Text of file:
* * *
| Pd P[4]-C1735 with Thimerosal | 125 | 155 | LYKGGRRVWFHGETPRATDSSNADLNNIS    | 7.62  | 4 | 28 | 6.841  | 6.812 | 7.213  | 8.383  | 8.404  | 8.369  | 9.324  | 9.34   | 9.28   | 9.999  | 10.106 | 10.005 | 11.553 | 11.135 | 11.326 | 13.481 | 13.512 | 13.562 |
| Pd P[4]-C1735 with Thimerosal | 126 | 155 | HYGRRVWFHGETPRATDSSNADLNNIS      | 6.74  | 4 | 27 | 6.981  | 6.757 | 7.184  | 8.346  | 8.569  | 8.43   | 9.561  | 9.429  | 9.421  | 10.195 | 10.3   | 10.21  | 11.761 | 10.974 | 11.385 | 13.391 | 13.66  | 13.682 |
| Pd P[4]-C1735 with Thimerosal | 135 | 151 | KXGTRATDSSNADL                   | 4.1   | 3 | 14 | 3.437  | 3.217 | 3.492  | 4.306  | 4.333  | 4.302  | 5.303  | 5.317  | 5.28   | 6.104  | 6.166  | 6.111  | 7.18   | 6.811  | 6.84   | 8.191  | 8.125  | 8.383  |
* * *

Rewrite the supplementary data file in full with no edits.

| Pd P[4]-C1735 with Thimerosal | 125 | 155 | LYKGGRRVWFHGETPRATDSSNADLNNIS    | 7.62  | 4 | 28 | 6.841  | 6.812 | 7.213  | 8.383  | 8.404  | 8.369  | 9.324  | 9.34   | 9.28   | 9.999  | 10.106 | 10.005 | 11.553 | 11.135 | 11.326 | 13.481 | 13.512 | 13.562 |
| Pd P[4]-C1735 with Thimerosal | 126 | 155 | HYGRRVWFHGETPRATDSSNADLNNIS      | 6.74  | 4 | 27 | 6.981  | 6.757 | 7.184  | 8.346  | 8.569  | 8.43   | 9.561  | 9.429  | 9.421  | 10.195 | 10.3   | 10.21  | 11.761 | 10.974 | 11.385 | 13.391 | 13.66  | 13.682 |
| Pd P[4]-C1735 with Thimerosal | 135 | 151 | KXGTRATDSSNADL                   | 4.1   | 3 | 14 | 3.437  | 3.217 | 3.492  | 4.306  | 4.333  | 4.302  | 5.303  | 5.317  | 5.28   | 6.104  | 6.166  | 6.111  | 7.18   | 6.811  | 6.84   | 8.191  | 8.125  | 8.383  |